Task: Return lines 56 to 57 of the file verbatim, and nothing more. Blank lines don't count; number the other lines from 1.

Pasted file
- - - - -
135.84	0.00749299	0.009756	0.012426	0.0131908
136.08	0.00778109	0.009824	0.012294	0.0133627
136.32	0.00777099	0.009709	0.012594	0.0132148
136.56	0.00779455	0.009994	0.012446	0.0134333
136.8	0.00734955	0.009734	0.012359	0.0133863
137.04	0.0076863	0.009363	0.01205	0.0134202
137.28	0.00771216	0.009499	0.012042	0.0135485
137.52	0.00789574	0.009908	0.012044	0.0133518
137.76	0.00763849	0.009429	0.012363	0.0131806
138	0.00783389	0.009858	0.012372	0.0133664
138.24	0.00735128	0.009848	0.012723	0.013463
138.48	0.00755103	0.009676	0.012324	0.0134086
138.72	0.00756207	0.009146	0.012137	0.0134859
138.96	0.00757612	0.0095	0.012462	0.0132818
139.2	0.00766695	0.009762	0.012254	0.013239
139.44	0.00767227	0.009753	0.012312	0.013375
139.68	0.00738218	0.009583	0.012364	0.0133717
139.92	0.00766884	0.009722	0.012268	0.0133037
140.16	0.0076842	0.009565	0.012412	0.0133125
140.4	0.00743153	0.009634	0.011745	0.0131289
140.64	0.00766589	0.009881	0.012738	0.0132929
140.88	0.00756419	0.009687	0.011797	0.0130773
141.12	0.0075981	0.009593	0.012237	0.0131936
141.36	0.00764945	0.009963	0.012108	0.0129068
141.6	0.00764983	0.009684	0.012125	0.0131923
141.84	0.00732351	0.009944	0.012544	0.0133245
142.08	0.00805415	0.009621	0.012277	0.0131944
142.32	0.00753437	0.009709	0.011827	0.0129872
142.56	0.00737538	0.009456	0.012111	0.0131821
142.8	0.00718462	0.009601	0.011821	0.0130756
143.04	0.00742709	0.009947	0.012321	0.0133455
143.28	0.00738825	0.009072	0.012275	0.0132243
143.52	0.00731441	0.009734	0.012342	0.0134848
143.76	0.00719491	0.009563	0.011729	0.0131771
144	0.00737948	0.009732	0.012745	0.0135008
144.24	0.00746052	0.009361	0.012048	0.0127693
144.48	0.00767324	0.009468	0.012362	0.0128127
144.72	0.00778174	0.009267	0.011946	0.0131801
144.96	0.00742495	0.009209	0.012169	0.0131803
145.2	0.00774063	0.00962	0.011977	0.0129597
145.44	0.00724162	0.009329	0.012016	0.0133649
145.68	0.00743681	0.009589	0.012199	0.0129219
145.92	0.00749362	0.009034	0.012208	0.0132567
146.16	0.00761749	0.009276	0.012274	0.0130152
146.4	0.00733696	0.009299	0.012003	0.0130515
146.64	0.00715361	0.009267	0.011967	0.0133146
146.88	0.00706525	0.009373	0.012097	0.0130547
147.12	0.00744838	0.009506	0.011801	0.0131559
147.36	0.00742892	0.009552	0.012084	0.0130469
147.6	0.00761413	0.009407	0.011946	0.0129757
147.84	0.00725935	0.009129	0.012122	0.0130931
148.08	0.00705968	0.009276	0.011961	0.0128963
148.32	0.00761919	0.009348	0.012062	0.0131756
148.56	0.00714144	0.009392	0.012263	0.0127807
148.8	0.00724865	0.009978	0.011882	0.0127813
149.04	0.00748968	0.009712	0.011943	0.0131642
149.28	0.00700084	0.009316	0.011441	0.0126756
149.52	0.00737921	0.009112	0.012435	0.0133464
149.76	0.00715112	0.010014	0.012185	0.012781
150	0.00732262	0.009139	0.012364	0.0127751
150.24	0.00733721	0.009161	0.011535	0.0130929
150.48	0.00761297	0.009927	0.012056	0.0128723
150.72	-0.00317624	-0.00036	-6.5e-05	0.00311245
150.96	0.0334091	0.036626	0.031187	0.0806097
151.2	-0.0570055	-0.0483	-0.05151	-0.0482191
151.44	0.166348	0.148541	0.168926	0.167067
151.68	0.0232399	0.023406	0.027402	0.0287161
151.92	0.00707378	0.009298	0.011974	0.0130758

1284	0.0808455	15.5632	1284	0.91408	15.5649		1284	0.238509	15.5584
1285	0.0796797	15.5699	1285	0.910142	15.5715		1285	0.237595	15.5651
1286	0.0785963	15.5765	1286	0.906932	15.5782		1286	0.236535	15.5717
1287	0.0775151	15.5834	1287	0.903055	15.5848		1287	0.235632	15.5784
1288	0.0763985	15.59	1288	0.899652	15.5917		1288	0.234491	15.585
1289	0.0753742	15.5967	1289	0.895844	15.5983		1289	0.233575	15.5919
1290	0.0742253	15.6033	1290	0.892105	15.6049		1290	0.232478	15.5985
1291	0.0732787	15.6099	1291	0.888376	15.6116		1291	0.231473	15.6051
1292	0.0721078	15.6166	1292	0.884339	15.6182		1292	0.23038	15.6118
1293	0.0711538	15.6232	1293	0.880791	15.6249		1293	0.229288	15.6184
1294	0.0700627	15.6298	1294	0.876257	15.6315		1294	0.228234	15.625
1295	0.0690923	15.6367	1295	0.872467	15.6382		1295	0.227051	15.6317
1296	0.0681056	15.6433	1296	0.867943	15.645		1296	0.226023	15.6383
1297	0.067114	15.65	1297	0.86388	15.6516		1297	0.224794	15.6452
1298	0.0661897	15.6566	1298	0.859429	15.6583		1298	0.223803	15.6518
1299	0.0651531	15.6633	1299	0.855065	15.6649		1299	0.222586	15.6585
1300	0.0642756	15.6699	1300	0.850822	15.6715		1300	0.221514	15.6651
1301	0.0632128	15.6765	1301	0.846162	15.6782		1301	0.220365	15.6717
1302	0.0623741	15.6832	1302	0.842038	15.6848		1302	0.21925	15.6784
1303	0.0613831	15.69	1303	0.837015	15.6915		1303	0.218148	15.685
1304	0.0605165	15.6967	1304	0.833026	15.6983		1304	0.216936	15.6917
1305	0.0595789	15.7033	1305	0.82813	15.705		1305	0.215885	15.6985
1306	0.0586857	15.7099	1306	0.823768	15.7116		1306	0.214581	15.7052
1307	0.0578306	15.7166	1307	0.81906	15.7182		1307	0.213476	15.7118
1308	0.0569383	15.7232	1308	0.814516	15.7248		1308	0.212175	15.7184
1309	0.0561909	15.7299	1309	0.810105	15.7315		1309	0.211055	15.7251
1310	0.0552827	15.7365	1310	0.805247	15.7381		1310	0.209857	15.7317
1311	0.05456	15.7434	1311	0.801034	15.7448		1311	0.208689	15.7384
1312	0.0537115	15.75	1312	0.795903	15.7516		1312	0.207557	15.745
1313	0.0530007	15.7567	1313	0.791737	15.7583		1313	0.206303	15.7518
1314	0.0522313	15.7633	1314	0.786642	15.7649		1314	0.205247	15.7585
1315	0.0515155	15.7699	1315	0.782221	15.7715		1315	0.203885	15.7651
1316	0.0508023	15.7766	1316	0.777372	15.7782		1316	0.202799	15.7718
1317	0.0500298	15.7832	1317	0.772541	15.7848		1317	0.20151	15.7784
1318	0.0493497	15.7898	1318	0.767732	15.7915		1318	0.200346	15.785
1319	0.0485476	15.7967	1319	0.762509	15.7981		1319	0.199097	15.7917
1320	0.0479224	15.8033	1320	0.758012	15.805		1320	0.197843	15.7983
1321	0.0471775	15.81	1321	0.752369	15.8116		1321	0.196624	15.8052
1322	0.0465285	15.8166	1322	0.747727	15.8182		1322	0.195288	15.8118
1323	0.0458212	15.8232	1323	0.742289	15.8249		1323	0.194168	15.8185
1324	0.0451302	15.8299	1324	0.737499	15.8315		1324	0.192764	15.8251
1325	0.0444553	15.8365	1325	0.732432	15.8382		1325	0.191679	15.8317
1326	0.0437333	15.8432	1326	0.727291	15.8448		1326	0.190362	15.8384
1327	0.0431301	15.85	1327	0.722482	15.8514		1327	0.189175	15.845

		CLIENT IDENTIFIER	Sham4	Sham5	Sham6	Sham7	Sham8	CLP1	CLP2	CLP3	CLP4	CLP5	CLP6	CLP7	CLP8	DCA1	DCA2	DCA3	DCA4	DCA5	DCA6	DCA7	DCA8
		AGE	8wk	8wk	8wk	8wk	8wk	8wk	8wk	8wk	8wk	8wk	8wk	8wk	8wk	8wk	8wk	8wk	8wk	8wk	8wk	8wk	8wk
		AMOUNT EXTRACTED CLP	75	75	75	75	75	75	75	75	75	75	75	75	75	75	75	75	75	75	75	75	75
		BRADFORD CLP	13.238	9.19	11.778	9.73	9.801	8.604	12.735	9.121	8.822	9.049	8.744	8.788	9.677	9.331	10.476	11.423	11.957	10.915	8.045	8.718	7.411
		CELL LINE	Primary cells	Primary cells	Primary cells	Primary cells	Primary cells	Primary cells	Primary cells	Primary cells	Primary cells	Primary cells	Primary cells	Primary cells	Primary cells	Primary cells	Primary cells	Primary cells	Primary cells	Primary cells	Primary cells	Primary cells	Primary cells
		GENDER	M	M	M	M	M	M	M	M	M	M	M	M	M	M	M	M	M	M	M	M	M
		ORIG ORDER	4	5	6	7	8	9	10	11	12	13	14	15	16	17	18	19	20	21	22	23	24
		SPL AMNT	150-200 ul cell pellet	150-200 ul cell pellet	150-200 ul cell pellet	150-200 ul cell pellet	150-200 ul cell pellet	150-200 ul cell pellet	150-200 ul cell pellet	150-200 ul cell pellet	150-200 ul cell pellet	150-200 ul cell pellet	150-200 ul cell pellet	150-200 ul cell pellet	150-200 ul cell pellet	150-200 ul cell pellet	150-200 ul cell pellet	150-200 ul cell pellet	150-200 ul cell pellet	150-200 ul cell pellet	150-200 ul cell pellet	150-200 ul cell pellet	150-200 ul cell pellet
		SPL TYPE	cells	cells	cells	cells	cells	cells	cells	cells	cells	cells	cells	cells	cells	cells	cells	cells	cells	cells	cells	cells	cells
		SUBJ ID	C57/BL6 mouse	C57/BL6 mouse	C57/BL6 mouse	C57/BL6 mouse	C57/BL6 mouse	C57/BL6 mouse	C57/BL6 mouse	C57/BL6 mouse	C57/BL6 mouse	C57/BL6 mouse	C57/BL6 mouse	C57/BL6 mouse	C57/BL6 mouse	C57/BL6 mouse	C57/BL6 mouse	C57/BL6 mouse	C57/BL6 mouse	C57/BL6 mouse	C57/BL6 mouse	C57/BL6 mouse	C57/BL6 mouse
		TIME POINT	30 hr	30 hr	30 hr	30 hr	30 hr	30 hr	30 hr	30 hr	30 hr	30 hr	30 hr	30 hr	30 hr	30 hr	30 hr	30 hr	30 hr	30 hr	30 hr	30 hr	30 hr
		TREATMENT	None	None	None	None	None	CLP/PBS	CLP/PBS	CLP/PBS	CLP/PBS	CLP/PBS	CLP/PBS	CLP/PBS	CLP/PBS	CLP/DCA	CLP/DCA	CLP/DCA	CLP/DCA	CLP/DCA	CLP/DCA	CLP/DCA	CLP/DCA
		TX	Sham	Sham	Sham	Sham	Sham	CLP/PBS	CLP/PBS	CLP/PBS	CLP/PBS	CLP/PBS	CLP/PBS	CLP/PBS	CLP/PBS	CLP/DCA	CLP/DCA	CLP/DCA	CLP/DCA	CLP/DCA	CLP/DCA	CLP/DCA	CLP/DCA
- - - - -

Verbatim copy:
149.04	0.00748968	0.009712	0.011943	0.0131642
149.28	0.00700084	0.009316	0.011441	0.0126756